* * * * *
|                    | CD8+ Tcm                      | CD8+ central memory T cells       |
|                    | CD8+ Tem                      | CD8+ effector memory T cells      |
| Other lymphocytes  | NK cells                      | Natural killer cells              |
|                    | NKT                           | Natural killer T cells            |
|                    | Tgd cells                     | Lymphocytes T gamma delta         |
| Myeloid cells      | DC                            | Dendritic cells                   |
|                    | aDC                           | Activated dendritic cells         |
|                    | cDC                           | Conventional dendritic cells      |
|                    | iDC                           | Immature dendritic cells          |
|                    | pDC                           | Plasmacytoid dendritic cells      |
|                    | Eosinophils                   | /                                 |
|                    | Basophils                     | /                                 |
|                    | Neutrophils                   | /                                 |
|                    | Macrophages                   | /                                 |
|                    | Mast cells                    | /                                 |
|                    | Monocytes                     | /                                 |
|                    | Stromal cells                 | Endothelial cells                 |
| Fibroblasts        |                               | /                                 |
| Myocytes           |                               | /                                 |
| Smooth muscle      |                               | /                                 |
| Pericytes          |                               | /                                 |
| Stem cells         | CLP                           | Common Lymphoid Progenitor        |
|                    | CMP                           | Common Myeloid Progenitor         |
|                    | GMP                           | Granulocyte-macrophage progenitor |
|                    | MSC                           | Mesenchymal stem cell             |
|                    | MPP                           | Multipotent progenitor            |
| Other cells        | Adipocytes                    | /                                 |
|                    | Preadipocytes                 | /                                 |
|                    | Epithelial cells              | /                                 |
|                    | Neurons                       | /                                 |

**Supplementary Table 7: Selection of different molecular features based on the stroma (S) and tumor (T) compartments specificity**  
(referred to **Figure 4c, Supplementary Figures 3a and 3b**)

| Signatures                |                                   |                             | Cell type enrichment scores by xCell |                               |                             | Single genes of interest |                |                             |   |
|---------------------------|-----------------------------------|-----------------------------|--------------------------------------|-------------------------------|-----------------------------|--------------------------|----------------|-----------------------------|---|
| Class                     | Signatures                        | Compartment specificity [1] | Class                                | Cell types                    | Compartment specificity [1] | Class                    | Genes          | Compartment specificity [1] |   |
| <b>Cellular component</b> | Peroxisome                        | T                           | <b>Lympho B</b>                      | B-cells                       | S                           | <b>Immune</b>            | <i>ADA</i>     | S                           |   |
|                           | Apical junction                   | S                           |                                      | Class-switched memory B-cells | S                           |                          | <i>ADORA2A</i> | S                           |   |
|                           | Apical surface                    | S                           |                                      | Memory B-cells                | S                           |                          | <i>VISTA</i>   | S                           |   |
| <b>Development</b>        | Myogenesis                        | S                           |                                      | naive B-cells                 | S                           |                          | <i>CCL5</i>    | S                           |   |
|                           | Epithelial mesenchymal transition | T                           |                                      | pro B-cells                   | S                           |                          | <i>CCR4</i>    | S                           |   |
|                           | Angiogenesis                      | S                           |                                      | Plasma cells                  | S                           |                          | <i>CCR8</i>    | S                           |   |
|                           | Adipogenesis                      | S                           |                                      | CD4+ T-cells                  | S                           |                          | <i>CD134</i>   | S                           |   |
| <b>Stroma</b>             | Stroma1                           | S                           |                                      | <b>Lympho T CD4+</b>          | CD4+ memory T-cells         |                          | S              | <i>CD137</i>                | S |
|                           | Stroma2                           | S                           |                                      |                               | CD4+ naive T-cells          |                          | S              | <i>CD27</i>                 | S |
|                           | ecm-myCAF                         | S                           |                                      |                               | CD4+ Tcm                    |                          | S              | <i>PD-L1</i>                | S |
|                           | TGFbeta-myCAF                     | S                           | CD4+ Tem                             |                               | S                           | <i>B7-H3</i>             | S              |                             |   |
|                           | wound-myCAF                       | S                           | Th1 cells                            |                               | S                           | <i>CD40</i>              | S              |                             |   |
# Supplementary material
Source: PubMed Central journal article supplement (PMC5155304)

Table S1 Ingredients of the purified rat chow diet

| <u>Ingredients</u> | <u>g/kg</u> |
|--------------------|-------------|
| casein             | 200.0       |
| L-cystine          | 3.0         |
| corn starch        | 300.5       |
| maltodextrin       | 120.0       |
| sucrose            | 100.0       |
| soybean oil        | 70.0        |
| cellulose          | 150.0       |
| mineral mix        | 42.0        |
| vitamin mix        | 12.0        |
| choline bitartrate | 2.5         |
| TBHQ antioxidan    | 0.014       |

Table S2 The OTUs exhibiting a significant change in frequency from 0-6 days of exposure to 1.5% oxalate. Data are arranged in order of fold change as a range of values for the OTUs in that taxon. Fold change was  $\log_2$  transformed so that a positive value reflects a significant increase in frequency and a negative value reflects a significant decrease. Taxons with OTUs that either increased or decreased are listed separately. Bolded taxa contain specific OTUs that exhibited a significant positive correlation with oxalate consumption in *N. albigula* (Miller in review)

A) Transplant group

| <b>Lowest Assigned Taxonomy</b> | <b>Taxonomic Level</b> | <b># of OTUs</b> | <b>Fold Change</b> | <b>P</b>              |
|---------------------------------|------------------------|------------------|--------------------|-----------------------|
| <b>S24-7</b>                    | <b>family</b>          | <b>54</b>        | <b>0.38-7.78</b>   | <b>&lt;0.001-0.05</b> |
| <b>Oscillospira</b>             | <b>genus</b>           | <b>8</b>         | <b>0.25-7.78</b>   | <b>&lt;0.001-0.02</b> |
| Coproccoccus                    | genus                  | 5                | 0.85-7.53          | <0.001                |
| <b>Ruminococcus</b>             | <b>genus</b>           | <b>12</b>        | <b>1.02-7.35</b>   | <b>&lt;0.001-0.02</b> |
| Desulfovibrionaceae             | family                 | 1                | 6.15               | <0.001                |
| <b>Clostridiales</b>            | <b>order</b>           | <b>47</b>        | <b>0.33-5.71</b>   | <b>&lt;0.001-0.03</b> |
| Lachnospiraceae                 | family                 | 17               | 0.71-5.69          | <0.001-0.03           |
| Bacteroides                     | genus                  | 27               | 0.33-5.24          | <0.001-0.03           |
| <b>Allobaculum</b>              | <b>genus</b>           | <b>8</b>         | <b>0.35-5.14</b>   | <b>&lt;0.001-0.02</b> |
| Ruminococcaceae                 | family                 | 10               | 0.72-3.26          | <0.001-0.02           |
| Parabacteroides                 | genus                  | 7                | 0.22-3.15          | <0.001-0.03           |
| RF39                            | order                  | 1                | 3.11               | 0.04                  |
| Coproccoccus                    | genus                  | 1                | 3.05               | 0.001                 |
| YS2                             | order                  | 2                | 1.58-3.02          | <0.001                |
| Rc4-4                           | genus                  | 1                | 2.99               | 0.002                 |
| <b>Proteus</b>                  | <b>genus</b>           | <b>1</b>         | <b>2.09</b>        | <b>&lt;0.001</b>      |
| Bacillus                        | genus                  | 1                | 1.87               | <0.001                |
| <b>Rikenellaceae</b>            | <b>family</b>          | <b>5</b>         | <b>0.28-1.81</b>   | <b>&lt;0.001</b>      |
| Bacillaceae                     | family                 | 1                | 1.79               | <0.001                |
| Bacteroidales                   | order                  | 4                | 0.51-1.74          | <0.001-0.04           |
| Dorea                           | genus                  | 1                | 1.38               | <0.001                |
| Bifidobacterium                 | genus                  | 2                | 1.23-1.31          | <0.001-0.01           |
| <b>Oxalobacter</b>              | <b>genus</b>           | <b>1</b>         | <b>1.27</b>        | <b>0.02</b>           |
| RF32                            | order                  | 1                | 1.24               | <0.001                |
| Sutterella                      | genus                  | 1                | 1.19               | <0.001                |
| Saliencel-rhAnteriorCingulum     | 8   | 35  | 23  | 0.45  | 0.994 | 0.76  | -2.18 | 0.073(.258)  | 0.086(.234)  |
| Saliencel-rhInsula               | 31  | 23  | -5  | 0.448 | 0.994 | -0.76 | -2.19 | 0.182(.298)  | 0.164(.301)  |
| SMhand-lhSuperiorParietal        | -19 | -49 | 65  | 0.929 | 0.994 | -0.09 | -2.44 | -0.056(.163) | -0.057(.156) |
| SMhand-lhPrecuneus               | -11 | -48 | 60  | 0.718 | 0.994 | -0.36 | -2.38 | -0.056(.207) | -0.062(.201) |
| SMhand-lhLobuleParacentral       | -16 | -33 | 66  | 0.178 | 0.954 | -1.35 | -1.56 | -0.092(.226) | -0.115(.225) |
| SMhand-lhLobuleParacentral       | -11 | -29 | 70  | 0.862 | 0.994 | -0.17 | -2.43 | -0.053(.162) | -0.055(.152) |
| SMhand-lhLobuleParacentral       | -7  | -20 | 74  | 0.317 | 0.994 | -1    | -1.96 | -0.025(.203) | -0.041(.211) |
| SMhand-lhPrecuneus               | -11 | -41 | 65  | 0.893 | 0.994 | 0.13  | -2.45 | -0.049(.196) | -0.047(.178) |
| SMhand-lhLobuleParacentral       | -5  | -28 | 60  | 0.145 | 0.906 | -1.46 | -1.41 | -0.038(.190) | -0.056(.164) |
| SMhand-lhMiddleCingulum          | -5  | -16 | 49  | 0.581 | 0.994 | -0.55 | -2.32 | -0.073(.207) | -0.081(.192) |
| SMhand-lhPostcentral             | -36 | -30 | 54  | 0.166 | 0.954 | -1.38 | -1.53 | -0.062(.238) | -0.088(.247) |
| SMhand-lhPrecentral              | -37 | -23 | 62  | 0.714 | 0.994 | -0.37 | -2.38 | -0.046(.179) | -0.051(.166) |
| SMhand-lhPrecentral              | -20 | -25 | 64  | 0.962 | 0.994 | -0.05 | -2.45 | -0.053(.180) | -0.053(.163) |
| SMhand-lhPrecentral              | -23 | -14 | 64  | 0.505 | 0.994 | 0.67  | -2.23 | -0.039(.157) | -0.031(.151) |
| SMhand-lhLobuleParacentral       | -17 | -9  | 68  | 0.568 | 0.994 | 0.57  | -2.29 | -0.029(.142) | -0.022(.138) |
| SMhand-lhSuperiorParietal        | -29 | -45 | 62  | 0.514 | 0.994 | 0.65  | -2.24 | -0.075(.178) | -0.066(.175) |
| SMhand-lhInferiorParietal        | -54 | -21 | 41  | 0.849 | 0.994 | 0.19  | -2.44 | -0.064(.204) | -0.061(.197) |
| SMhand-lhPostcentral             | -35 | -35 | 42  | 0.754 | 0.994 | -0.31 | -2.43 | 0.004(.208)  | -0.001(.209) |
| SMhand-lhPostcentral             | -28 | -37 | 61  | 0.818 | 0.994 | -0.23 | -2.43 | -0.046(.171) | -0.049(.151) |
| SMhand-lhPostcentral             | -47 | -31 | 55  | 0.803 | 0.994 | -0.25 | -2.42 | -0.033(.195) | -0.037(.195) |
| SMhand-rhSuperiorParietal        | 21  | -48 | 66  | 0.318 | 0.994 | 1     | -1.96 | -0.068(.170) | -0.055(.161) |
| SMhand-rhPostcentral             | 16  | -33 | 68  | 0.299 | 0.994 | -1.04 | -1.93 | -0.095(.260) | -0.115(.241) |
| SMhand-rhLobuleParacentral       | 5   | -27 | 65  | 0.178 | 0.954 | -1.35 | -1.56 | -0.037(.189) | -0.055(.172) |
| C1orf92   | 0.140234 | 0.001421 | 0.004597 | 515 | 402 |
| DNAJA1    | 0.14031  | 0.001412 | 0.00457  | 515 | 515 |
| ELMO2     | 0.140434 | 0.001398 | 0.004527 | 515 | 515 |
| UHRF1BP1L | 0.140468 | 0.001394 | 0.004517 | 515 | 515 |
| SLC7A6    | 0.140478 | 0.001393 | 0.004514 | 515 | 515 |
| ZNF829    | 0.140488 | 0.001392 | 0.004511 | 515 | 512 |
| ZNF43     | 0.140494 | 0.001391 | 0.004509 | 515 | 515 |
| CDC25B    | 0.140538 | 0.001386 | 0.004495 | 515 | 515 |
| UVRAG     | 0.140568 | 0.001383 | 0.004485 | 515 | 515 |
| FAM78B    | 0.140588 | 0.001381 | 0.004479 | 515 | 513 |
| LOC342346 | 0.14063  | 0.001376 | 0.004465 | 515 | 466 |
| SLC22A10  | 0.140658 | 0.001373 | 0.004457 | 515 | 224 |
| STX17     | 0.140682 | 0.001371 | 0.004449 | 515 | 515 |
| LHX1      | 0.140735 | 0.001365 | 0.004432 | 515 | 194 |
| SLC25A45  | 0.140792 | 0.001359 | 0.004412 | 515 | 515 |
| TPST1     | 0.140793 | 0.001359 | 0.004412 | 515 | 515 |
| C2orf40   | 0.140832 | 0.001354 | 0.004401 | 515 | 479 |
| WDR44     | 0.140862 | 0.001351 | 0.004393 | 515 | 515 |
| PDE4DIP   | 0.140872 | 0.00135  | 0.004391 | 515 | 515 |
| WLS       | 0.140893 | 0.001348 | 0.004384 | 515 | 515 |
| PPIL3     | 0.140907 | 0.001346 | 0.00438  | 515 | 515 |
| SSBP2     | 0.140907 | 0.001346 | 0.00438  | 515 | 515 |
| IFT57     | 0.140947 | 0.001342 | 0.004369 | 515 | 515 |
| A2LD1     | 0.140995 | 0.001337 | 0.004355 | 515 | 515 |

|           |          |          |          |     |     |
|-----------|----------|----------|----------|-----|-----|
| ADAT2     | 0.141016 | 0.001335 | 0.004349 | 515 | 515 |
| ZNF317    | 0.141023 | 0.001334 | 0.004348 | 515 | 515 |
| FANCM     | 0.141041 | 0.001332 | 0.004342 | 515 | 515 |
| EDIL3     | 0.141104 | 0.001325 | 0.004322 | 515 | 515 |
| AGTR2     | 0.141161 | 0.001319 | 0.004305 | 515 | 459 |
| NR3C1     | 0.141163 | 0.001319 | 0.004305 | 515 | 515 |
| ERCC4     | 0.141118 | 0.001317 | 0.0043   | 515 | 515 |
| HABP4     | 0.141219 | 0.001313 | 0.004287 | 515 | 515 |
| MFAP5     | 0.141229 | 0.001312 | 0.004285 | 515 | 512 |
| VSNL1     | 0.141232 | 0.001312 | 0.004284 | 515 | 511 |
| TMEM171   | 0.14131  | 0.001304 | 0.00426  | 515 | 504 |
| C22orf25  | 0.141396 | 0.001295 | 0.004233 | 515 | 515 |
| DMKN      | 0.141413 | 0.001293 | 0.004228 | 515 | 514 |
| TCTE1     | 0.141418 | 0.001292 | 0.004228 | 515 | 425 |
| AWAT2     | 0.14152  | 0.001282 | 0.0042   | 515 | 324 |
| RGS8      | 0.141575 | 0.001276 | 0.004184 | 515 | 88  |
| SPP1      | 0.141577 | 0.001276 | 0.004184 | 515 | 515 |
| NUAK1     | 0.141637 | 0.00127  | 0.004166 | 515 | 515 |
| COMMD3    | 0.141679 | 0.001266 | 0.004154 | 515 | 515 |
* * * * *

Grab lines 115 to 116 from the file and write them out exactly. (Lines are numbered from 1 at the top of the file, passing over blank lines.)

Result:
| SMhand-rhLobuleParacentral       | 5   | -27 | 65  | 0.178 | 0.954 | -1.35 | -1.56 | -0.037(.189) | -0.055(.172) |
| C1orf92   | 0.140234 | 0.001421 | 0.004597 | 515 | 402 |